With 2:49 to play, Maryland began their final drive of the day. From their own 20, an Allen run for 12, a Stratham-to-Walker completion for 9 and a Stratham-to-Parson completion for 9 had Maryland driving toward field goal range. At that point, the Mountaineer defense provided its big play of the day.
On 3rd and one from the WVU 48, Sammy Maldonado was blasted by Mountaineer linebacker Scott Gyorko, causing Maldonado to lose control of the ball. After a mad scramble, the Mountaineers' Ben Lynch cradled the loose pigskin at the WVU 46 and the Mountaineer offense had 0:49 with which to work.
After an incomplete pass to Henry, Marshall found Bailey over the middle for 12 to the Terrapin 42. Then, following another incomplete pass, Marshall found Kay Jay Harris open in the flat with 20 seconds to go. The Mountaineer tailback, who quietly gained 88 yards on 18 carries on the night, ran out of bounds at the 35. Marshall then dropped back once again to pass and, finding no one open, made a darting run up the middle for six key yards, eluding two would-be Maryland tacklers in the process, advancing the ball to the 29 and into long but makeable field goal range for Cooper.
Following three time-outs – one by West Virginia and two by Maryland in an attempt to ice the kicker, Cooper came on to nail the 45-yard field goal with 0:02 left that gave West Virginia the hard-earned victory as pandemonium erupted at Mountaineer Field and Cooper being mobbed by his teammates at midfield.
"That's what every kicker dreams about – making that last second field goal to win a big game against a rival. That dream came true for him tonight," said Stewart of his senior placekicker. "He got a good spot [placement of the ball] by [holder] George [Shehl] and hit it well. It had a little hook on it, but it was right on target."
"You can't turn the ball over in the last part of the fourth quarter and feel to good about your chances of winning in a close game," lamented Friedgen after the game. "Sammy's a great player for us and its just a shame what happened to him there near the end. He'll bounce right back, though, and he'll give us plenty of reasons to forget about that play before the year is over with."
Friedgen further commented, "We had our chances to really take control of this game but didn't seize any of those opportunities, which is what you have to do on the road." "I give West Virginia a lot of credit for preparing well for us. They're a good team. We've owned them lately, so I guess we were due [for a loss]," said Friedgen in the interview area afterward.
"I want to say one thing about our offensive line – they did one heck of a job tonight," said Rodriguex after the game. "They gave Rasheed a lot of protection out there tonight. Not one sack. Not one. If Rick Trickett isn't the best offensive line coach in college football I'd like to meet the guy who is."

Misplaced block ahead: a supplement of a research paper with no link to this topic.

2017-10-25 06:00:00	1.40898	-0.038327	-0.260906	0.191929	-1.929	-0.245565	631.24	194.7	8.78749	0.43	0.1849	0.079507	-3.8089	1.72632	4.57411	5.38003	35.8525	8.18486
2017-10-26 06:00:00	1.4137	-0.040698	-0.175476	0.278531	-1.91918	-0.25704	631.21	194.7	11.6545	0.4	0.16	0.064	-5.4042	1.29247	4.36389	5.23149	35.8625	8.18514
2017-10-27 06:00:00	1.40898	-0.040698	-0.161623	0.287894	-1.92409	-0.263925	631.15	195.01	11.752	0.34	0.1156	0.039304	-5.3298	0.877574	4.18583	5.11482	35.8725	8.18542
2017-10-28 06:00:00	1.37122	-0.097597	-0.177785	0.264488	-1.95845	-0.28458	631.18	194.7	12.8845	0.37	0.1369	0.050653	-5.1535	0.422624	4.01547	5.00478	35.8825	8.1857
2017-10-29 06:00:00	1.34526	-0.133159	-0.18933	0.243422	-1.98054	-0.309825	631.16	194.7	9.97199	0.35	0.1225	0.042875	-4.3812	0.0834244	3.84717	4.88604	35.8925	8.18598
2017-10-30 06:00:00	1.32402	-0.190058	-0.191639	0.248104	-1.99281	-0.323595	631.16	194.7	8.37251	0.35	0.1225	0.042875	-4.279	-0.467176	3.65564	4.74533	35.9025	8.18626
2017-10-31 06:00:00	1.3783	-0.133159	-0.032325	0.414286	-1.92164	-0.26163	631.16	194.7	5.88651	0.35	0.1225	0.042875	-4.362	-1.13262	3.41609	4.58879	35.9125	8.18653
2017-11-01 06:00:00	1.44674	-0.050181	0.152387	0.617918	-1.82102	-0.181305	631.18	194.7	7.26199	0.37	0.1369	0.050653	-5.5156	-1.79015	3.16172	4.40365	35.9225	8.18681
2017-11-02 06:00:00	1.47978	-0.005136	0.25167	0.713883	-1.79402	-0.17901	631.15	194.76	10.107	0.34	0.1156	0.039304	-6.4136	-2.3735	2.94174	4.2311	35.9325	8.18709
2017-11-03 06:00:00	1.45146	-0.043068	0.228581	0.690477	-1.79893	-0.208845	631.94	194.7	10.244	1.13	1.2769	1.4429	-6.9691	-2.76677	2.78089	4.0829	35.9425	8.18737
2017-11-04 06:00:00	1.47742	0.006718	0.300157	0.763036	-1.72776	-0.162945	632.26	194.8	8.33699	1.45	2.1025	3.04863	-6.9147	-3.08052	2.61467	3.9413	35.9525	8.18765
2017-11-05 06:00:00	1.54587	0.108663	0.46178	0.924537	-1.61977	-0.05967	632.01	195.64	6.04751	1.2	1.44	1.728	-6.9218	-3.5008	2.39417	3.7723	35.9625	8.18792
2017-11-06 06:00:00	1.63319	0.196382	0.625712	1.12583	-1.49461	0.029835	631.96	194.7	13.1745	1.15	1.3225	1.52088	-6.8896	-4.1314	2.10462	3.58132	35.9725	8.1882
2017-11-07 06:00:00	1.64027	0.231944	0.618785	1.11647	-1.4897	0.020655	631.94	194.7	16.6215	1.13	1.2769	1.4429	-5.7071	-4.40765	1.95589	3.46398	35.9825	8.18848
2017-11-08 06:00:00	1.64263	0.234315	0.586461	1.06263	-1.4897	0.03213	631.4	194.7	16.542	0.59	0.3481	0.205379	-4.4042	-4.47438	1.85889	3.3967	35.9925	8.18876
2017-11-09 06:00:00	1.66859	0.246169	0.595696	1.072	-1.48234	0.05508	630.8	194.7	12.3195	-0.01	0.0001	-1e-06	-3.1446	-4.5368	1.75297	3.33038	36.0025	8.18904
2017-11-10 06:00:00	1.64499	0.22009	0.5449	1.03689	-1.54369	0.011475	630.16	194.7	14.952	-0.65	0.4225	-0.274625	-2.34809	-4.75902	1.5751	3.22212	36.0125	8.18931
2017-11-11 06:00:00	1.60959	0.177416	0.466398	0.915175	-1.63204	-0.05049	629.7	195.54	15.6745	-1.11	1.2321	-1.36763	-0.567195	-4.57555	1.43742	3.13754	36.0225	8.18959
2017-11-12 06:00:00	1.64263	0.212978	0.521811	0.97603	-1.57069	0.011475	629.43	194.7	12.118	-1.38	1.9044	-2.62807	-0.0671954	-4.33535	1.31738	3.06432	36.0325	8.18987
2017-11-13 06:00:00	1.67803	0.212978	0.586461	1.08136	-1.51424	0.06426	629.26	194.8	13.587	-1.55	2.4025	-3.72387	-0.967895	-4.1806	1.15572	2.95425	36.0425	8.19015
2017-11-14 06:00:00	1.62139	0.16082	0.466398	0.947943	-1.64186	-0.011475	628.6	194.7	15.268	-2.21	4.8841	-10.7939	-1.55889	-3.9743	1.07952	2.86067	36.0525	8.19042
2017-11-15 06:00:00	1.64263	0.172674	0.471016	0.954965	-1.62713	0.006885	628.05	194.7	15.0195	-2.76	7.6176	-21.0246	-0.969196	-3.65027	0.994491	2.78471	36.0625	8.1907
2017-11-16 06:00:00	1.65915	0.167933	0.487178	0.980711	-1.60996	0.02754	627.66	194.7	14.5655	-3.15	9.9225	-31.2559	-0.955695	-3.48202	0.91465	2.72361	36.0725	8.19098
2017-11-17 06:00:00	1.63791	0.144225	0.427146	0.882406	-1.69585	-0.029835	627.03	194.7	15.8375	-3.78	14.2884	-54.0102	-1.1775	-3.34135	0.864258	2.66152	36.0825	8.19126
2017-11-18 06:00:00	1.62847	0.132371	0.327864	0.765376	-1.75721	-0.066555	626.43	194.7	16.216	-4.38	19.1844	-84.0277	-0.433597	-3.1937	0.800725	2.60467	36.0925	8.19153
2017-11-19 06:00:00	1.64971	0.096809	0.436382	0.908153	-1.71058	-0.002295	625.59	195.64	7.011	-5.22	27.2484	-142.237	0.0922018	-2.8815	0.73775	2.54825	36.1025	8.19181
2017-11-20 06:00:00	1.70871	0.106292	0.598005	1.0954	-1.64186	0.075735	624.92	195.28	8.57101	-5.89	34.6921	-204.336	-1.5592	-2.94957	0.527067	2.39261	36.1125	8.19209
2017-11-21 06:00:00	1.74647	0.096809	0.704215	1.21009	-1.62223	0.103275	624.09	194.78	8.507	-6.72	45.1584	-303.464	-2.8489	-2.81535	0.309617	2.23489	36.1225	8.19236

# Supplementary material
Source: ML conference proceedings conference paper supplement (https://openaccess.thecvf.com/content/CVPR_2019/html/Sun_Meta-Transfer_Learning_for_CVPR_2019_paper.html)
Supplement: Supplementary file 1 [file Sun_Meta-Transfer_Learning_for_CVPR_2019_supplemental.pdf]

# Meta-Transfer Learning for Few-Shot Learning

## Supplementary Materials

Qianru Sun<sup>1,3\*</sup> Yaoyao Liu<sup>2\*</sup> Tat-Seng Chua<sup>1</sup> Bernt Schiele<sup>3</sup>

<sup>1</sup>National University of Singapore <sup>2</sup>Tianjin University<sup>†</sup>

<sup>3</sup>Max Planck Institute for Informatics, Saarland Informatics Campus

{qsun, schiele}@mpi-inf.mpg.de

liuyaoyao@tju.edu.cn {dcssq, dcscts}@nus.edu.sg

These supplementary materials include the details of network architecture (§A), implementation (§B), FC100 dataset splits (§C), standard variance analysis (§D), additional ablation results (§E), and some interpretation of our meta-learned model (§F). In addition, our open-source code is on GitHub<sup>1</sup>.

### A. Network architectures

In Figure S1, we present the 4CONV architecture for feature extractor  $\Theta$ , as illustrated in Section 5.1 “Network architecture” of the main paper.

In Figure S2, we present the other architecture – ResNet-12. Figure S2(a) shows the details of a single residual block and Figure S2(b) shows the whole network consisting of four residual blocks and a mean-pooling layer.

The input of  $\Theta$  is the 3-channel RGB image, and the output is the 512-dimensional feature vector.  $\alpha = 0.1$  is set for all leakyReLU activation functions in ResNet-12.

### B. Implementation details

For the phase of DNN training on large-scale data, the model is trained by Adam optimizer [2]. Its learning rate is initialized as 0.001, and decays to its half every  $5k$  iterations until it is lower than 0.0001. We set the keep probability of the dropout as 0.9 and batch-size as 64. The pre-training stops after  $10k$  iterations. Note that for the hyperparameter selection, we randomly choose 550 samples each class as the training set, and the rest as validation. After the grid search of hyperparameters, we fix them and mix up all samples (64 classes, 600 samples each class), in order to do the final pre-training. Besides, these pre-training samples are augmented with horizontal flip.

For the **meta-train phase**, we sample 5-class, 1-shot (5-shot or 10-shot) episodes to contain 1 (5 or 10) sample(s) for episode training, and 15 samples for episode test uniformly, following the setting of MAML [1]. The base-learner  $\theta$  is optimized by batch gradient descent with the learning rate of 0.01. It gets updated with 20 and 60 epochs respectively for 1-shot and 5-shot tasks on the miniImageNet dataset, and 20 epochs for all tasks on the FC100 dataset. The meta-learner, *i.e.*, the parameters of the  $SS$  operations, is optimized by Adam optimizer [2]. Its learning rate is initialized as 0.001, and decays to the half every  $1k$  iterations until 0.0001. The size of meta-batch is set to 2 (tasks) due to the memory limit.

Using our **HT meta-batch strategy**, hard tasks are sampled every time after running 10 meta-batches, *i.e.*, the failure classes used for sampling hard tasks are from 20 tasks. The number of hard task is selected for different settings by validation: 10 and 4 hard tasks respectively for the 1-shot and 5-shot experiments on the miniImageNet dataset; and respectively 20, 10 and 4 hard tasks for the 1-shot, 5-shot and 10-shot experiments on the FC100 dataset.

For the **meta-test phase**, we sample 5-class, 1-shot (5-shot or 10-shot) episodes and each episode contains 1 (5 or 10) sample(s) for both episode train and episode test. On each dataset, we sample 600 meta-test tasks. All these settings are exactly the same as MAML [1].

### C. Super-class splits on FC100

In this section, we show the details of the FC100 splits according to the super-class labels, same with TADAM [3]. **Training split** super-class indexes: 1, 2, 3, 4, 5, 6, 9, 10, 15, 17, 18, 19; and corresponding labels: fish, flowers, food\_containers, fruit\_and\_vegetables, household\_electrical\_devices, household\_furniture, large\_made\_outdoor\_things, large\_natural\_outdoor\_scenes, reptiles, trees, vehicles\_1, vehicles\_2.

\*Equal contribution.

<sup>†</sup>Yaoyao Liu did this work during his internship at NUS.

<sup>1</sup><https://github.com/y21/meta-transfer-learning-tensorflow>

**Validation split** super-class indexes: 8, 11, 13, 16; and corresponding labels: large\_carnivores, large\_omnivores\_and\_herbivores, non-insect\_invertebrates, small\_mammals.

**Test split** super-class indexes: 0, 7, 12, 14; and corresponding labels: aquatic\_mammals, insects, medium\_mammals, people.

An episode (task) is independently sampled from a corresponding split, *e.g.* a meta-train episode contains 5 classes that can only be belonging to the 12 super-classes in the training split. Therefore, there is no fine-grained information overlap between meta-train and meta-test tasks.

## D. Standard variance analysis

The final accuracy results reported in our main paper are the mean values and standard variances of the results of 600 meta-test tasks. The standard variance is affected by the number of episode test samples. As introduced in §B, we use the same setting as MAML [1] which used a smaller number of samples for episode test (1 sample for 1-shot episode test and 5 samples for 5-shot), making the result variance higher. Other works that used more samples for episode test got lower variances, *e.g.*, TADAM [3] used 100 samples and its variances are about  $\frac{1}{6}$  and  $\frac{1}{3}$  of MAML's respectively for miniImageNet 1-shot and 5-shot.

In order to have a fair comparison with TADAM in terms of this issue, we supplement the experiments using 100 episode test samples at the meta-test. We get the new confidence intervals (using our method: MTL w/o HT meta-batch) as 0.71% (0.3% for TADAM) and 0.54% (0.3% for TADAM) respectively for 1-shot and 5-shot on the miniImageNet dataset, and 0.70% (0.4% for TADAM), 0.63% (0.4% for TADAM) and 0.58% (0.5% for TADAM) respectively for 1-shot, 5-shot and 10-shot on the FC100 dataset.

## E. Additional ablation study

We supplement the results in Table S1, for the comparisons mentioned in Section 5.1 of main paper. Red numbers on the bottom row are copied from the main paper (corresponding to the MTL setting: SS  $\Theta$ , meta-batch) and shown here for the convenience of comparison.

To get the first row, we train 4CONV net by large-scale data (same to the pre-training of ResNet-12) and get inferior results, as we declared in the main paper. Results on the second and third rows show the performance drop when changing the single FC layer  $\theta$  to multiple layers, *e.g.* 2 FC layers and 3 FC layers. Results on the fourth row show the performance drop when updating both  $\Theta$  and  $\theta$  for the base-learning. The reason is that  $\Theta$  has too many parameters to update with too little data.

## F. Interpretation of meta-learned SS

The salty Trickett wasn't quite as effusive after the game, but did give his charges some credit.
"We're playing better as a unit, but we've still got a ways to go," said Trickett after the game. "These guys will get better. They give a lot of effort but we'll need even more of it as we go along [in the season]."
With the win, West Virginia improved to 3-0 and, with Division 1-AA James Madison visiting Morgantown on the 25th, stands a good chance of being 4-0 heading into an October 2nd showdown at Lane Stadium in Blacksburg, Virginia against the now-in-the-ACC Virginia Tech Hokies.
"I don't even want to hear about Virginia Tech . . . or Syracuse, or Pitt, or anyone else. We have one opponent next week – James Madison – and everyone expects us to blow them out. But, they'll be coming in here with everything to gain and nothing to lose, so we'd better be on our toes or we'll find ourselves in a position we don't want to be in," said Rodriguez of the Dukes.
Game time for next Saturday's match-up against the James Madison at Milan Puskar Stadium is at noon.
DISCLAIMER: The contents of this article are intended for entertainment purposes only. The author has created detailed statistics including each drive's time of possession, yardage, key plays, etc. for each game in order to make this fantasy series of WVU game outcomes as realistic as possible. The author assumes no responsibility for any errors or inconsistencies and has produced the series strictly for the enjoyment of Mountaineer football fans during the agonizing summer months without WVU football.